Many of the women were already skilled in making items out of wool. But producing items for a wider market would mean many changes: organizing the workers into groups, grading and sorting the wool, developing new product designs, introducing new production techniques, and marketing the products in new ways.

–  –  –

That gives them flexibility to work in ways and at times they find convenient. A craftsperson can make one bag per day.

Grading and sorting the wool The Shramik Kala federation buys wool and leather from cooperatives or local traders.

The traders buy raw, mixed wool from shepherds at Rs 4–6 ($0.08–0.13) per kilogram.

Shramik Kala has an informal agreement with the cooperatives and traders to buy sorted and graded wool for Rs 25/kg ($0.53) – sorting and grading is easier and cheaper if done at shearing-time, before wool from different animals has been mixed up. It also buys unsorted wool direct from the shepherds at a remunerative price. Shepherds and local traders have mobile phones, making it much easier than before to source raw materials.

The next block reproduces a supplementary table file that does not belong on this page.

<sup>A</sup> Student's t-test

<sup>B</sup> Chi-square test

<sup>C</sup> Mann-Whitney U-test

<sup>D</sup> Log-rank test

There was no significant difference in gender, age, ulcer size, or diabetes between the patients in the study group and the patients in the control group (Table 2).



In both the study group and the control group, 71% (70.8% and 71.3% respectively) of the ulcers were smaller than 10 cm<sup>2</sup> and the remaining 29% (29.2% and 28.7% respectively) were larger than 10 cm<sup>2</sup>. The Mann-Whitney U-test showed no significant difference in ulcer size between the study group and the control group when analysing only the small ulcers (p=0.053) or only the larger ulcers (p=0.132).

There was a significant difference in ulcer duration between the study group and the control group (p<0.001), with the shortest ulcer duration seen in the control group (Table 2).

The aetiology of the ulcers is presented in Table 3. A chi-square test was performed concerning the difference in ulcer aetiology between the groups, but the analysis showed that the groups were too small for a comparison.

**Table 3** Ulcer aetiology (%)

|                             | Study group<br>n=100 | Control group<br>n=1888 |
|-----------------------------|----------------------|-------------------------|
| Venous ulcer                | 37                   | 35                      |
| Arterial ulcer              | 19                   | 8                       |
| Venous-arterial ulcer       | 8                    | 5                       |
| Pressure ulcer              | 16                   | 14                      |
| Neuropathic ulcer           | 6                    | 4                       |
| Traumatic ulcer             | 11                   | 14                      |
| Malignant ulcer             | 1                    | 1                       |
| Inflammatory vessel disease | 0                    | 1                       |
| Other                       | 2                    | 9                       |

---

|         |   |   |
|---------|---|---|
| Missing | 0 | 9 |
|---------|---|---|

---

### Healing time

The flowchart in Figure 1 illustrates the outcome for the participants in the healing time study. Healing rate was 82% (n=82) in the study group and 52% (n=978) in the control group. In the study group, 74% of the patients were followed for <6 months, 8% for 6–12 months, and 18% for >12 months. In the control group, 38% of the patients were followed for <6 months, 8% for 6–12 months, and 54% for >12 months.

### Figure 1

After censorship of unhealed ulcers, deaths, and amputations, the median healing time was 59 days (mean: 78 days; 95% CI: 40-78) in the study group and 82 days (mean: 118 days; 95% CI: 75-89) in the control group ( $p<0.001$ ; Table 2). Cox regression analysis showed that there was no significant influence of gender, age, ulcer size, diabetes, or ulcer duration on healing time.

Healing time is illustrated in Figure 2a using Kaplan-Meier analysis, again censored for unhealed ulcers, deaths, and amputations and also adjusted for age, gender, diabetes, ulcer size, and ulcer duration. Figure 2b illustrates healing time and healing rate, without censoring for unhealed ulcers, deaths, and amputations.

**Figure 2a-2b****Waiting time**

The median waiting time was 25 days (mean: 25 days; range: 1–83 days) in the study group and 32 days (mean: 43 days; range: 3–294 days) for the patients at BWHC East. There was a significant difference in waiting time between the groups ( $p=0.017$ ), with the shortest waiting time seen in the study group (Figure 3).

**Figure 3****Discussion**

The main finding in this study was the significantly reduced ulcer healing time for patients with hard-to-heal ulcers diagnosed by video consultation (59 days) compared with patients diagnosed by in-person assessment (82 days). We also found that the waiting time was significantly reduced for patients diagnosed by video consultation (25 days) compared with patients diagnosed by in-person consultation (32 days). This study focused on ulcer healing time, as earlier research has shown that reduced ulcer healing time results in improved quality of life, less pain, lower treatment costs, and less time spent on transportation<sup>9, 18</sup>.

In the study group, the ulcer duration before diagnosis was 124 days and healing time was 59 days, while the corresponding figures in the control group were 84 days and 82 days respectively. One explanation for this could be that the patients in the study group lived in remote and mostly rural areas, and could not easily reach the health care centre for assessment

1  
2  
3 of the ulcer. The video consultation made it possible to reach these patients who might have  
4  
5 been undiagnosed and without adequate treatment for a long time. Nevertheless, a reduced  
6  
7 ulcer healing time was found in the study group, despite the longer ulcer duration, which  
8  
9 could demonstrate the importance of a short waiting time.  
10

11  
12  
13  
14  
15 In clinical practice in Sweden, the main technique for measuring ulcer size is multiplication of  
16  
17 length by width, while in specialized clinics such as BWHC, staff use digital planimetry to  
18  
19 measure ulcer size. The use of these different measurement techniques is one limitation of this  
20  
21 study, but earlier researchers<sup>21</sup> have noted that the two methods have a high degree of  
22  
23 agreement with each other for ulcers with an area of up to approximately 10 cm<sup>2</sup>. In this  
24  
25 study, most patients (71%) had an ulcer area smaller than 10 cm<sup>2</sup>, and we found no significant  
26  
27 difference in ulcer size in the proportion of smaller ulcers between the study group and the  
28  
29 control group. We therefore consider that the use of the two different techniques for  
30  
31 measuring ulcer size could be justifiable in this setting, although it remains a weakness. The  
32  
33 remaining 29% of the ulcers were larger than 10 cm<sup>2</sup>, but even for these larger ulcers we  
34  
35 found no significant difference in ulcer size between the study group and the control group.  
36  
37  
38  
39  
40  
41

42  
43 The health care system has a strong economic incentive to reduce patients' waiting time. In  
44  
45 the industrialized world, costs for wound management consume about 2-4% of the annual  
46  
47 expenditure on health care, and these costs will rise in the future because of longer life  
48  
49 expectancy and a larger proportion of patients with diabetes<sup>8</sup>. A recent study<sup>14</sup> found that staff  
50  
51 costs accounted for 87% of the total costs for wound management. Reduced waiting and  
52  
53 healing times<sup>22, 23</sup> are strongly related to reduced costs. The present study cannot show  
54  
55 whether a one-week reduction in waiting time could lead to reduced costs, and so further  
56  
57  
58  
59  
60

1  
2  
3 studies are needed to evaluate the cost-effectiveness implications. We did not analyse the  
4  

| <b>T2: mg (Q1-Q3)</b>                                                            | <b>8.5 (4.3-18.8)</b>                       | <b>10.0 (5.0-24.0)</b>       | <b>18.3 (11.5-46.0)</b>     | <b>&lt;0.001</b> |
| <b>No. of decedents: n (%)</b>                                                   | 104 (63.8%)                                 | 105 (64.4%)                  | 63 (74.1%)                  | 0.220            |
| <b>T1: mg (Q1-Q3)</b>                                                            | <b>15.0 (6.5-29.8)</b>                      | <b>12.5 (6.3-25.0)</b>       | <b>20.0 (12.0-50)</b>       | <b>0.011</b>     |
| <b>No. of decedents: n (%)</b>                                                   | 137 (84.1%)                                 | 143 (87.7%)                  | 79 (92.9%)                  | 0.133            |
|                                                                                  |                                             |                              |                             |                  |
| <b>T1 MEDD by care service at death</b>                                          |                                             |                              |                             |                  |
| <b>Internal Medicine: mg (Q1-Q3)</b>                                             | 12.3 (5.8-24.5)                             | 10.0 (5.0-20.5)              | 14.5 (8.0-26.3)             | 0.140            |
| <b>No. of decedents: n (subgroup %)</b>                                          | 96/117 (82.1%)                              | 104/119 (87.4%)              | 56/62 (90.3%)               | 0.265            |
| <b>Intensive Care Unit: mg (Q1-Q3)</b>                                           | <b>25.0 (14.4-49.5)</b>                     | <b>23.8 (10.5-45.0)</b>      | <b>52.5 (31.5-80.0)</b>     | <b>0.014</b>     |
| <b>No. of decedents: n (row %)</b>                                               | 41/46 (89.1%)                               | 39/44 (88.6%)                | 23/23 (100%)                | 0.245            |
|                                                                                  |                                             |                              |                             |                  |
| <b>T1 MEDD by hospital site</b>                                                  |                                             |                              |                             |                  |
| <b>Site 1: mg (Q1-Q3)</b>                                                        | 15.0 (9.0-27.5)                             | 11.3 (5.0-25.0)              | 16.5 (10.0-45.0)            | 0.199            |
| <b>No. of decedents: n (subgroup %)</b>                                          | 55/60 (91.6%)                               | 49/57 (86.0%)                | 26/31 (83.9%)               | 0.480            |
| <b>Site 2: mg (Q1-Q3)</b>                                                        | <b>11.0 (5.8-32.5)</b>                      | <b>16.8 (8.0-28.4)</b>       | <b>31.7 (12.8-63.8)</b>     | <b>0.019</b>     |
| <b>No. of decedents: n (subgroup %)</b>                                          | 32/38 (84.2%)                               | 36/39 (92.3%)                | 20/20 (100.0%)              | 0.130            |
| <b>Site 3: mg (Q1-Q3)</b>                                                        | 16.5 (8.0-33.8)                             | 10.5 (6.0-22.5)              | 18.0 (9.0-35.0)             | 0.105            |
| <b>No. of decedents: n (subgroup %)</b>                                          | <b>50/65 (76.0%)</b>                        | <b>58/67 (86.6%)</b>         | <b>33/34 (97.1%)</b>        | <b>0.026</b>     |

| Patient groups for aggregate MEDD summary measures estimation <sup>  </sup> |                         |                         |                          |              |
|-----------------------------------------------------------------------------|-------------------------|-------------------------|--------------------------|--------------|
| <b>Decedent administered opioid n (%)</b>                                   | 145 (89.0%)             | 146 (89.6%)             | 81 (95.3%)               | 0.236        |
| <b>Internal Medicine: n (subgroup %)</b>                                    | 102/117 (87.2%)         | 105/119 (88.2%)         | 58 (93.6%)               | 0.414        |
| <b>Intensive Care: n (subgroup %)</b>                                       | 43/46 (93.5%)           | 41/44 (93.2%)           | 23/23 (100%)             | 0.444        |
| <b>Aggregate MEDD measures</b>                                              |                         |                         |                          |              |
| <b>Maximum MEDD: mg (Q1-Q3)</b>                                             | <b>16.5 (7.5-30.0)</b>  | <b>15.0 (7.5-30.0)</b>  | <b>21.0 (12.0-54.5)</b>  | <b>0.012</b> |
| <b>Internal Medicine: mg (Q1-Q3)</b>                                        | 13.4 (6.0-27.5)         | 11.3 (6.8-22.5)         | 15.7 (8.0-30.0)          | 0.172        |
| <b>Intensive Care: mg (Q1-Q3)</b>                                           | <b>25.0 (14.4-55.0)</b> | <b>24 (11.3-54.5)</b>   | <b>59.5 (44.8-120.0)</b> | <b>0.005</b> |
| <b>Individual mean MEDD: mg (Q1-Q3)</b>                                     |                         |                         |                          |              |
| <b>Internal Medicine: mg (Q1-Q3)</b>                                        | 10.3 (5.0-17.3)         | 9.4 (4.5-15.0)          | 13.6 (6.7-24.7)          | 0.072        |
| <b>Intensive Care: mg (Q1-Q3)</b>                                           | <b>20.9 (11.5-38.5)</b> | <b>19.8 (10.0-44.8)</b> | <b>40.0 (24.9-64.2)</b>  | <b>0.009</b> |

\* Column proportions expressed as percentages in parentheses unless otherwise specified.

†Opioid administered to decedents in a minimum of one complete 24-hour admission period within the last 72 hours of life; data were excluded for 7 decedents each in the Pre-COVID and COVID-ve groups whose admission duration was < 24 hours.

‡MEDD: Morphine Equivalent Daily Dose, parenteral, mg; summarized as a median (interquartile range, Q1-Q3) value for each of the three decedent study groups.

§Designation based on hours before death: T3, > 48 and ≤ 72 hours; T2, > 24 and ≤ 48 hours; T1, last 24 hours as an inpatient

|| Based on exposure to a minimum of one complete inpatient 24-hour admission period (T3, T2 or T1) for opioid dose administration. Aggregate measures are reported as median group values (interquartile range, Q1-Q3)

Shramik Kala buys 10 tons of wool each season, worth Rs 250 000 ($5 250). The federation’s wool supervisor and the self-help group committees are responsible for checking the quality of the wool.

Part of the charm, and hence the value, of products made from Deccani wool is its range of natural colours, which can be woven into attractive stripes, zigzags and chequers in products such as cushion covers and rugs. That means sorting the raw wool into seven different colours, from a pale cream, through mid-brown to nearly black, instead of the traditional three shades. The project trained two self-help groups in Huvnoor village to do this sorting, as well as separating the wool into two grades: finer wool from lambs, and coarser wool from adult animals.

New products and designs Product design has been a central focus of the project. Since design schools do not typically teach designers to work with coarse raw materials and traditional crafts and designs, the project avoided using experts from such schools. Instead it has worked with designers who are experienced with wool products and community-based production. These designers developed designs for various products that the market research showed would be in demand, such as cushion covers, rugs and mats, bags and oven gloves. Spun wool and felt are the main constituents of these items; they also may include sheep leather (for handles) and other natural materials such as jute and banana fibre.